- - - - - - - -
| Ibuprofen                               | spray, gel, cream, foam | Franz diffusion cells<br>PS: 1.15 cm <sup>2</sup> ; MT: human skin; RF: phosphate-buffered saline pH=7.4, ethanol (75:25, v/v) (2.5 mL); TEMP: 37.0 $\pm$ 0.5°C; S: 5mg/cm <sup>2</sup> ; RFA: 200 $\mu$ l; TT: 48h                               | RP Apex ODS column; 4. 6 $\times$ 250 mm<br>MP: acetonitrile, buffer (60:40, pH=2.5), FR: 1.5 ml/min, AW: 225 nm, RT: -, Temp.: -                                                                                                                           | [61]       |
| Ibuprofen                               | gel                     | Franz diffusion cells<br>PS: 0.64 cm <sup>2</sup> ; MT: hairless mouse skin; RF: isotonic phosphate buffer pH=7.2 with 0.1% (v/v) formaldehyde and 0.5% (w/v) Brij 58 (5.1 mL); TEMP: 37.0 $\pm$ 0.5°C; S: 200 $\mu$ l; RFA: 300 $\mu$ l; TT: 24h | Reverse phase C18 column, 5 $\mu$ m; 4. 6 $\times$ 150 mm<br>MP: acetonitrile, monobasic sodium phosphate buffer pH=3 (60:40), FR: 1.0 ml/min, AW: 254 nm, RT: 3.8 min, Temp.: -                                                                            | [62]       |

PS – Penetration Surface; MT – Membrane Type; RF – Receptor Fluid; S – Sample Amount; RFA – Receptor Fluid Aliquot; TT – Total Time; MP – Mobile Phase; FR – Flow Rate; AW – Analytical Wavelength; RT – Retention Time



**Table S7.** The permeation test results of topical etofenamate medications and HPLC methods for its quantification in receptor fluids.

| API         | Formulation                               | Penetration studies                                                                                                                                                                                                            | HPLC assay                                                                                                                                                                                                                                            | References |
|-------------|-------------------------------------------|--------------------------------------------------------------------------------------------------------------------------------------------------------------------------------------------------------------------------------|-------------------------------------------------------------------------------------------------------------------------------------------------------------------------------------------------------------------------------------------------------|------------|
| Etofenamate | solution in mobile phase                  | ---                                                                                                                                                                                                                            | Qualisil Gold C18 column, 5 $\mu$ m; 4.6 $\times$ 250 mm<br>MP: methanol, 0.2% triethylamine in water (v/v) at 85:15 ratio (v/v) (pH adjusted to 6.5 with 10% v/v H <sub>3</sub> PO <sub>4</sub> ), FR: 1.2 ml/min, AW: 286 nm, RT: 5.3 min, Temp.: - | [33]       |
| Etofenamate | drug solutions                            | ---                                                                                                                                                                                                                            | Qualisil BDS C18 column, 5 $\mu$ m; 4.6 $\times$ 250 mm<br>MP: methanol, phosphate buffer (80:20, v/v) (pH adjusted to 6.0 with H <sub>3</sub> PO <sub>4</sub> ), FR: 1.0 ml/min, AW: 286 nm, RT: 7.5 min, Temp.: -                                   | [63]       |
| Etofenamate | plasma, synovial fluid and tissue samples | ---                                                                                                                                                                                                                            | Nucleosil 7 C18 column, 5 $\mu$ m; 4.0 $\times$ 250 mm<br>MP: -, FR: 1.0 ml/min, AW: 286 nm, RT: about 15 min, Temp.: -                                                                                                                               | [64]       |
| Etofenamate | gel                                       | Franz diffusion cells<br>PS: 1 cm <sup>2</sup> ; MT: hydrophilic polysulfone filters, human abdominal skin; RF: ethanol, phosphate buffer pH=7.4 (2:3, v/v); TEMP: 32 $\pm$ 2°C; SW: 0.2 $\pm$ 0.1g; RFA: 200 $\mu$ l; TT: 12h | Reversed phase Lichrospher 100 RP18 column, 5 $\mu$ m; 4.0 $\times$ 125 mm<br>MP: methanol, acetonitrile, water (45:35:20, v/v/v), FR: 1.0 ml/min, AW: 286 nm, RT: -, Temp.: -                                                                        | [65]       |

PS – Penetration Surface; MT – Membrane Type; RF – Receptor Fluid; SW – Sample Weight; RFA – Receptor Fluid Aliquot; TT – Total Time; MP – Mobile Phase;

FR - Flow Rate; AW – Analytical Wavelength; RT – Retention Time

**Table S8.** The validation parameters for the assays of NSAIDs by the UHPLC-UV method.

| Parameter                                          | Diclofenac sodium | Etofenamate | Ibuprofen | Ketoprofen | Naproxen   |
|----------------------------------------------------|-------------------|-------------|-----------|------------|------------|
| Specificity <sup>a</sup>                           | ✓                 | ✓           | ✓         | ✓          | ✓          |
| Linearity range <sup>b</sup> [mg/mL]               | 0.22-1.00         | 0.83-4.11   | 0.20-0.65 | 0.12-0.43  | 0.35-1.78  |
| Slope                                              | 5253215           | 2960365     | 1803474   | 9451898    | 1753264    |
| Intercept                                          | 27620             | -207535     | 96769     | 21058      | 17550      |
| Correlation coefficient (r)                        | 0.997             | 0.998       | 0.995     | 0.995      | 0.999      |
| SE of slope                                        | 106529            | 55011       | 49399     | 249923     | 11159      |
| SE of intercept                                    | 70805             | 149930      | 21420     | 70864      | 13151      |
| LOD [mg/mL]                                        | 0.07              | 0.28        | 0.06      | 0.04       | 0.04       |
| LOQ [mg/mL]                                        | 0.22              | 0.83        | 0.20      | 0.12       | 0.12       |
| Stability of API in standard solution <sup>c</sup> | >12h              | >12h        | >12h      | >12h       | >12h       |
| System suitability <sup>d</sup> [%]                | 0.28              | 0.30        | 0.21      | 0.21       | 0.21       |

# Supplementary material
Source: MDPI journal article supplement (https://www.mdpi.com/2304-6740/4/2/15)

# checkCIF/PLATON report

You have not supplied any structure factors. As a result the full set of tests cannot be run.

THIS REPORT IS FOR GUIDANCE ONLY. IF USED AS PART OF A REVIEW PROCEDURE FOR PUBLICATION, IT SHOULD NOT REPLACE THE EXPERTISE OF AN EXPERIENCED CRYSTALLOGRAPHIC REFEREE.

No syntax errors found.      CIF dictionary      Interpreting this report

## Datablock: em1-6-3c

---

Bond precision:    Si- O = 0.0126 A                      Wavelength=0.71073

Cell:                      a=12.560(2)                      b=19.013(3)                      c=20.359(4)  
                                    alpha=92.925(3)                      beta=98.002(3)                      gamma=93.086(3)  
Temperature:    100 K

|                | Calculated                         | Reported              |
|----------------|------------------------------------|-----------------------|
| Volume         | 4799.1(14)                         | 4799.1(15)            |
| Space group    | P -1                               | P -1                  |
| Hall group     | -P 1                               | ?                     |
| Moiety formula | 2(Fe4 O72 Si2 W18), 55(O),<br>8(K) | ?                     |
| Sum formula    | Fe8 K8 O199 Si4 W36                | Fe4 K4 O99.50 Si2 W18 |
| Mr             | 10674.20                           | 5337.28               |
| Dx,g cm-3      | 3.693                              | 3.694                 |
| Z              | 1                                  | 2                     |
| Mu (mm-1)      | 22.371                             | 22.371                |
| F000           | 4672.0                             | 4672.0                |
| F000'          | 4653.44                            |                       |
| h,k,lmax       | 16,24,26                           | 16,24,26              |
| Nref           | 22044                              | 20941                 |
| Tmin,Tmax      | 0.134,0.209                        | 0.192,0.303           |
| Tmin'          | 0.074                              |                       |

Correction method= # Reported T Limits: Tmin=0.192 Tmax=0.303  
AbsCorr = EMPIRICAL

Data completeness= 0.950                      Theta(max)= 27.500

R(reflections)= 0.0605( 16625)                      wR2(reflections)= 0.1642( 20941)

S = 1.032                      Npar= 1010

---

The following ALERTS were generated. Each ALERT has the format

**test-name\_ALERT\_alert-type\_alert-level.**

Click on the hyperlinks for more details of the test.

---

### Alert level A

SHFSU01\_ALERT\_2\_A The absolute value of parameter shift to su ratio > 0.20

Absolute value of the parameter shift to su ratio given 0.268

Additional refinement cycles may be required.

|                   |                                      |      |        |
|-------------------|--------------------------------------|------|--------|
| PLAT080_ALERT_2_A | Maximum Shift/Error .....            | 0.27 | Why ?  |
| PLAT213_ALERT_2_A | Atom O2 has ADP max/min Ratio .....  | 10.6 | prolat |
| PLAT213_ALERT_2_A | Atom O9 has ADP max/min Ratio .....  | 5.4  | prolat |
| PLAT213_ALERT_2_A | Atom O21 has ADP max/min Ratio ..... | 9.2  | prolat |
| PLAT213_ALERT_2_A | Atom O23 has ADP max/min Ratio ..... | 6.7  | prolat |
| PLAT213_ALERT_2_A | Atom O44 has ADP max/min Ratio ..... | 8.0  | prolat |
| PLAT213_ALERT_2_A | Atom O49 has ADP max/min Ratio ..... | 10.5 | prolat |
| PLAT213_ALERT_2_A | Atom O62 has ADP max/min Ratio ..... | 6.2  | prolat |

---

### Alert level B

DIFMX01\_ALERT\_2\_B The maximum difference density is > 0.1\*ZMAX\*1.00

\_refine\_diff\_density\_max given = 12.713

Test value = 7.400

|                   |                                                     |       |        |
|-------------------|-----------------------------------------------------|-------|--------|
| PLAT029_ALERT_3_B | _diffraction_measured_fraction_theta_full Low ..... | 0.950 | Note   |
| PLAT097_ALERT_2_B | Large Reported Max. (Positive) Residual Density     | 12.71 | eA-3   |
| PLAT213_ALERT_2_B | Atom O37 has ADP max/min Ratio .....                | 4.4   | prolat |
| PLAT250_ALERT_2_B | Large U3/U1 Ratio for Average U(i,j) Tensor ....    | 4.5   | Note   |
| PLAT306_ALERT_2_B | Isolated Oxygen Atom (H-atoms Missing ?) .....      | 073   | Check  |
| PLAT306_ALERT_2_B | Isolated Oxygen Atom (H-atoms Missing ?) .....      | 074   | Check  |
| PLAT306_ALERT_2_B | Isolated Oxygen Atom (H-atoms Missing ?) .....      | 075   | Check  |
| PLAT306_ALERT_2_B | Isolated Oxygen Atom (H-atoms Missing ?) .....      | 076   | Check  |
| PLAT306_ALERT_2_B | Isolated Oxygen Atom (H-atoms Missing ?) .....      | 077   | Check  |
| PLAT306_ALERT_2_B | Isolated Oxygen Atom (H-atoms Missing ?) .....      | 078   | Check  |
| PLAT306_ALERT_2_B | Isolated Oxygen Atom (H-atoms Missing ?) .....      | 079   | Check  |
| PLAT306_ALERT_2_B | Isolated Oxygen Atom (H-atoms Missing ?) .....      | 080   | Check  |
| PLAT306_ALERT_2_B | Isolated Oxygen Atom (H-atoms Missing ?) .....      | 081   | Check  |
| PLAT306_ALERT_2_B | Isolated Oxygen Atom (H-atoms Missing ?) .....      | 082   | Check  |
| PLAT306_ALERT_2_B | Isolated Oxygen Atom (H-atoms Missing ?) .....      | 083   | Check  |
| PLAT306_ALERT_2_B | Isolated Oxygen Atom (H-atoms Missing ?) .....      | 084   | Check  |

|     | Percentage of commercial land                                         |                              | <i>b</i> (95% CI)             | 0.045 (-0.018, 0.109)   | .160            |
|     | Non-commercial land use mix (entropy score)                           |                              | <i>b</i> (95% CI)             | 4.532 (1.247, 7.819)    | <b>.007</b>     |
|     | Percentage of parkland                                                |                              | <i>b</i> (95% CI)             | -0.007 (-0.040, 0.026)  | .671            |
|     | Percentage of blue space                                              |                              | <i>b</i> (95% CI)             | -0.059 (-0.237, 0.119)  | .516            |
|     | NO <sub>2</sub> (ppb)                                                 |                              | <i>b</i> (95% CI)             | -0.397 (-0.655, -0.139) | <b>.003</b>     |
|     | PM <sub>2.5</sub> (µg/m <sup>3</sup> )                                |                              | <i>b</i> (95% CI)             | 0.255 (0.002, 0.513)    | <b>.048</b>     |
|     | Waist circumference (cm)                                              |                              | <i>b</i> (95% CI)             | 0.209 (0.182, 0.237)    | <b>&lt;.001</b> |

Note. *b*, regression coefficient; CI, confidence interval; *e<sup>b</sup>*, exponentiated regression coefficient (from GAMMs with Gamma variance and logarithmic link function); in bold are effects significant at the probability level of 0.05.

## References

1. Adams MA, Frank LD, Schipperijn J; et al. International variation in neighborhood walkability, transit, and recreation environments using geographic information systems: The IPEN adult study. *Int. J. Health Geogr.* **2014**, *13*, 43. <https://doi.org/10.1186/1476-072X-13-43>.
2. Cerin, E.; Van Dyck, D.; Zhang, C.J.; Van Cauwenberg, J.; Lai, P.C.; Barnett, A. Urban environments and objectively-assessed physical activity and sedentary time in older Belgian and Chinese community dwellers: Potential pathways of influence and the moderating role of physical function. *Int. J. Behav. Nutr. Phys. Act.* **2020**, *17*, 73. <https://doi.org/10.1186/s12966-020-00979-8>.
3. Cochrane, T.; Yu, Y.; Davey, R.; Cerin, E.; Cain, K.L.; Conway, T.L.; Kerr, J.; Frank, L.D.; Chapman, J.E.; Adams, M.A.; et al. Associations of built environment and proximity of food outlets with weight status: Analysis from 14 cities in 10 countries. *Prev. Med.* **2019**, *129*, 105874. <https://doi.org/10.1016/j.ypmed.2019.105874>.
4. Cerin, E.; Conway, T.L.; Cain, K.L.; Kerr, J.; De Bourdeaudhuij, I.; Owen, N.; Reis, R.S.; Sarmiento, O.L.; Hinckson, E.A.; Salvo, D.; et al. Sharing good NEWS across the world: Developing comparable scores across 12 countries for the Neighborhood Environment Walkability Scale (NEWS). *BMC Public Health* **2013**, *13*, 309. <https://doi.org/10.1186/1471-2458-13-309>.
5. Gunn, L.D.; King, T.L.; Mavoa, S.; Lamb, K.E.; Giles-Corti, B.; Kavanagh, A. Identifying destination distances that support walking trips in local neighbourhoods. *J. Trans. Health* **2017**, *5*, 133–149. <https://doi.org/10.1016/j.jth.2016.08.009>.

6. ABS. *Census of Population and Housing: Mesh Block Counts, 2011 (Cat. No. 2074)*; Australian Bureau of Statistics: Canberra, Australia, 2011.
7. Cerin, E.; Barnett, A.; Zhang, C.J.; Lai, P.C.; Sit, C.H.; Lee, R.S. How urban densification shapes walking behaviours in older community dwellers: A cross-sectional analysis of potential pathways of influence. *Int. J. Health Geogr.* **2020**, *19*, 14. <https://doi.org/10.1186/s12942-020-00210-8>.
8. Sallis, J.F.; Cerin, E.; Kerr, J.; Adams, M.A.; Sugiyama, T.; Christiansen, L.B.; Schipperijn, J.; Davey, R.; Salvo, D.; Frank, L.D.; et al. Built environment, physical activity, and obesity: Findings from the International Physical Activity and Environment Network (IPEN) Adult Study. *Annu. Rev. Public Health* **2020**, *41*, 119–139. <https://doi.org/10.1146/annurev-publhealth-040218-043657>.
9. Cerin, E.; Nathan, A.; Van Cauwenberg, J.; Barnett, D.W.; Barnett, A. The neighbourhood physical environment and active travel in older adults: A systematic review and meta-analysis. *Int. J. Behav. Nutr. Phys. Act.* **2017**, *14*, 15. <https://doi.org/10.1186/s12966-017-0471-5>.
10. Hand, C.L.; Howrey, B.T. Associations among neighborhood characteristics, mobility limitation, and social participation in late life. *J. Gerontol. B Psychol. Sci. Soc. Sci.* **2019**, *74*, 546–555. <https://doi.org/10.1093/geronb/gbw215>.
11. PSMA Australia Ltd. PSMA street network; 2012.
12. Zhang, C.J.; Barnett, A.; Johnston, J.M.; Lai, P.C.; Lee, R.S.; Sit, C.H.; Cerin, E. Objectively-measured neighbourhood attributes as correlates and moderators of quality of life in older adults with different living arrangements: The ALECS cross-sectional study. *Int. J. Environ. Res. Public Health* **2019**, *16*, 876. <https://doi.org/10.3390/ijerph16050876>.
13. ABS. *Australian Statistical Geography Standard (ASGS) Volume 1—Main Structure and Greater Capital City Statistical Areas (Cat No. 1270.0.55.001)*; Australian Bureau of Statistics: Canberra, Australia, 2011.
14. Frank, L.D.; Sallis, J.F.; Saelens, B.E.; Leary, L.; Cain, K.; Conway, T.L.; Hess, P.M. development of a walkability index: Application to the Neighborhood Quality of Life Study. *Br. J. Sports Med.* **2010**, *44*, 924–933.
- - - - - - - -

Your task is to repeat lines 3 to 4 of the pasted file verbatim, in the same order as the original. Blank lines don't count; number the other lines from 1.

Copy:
PS – Penetration Surface; MT – Membrane Type; RF – Receptor Fluid; S – Sample Amount; RFA – Receptor Fluid Aliquot; TT – Total Time; MP – Mobile Phase; FR – Flow Rate; AW – Analytical Wavelength; RT – Retention Time



**Table S7.** The permeation test results of topical etofenamate medications and HPLC methods for its quantification in receptor fluids.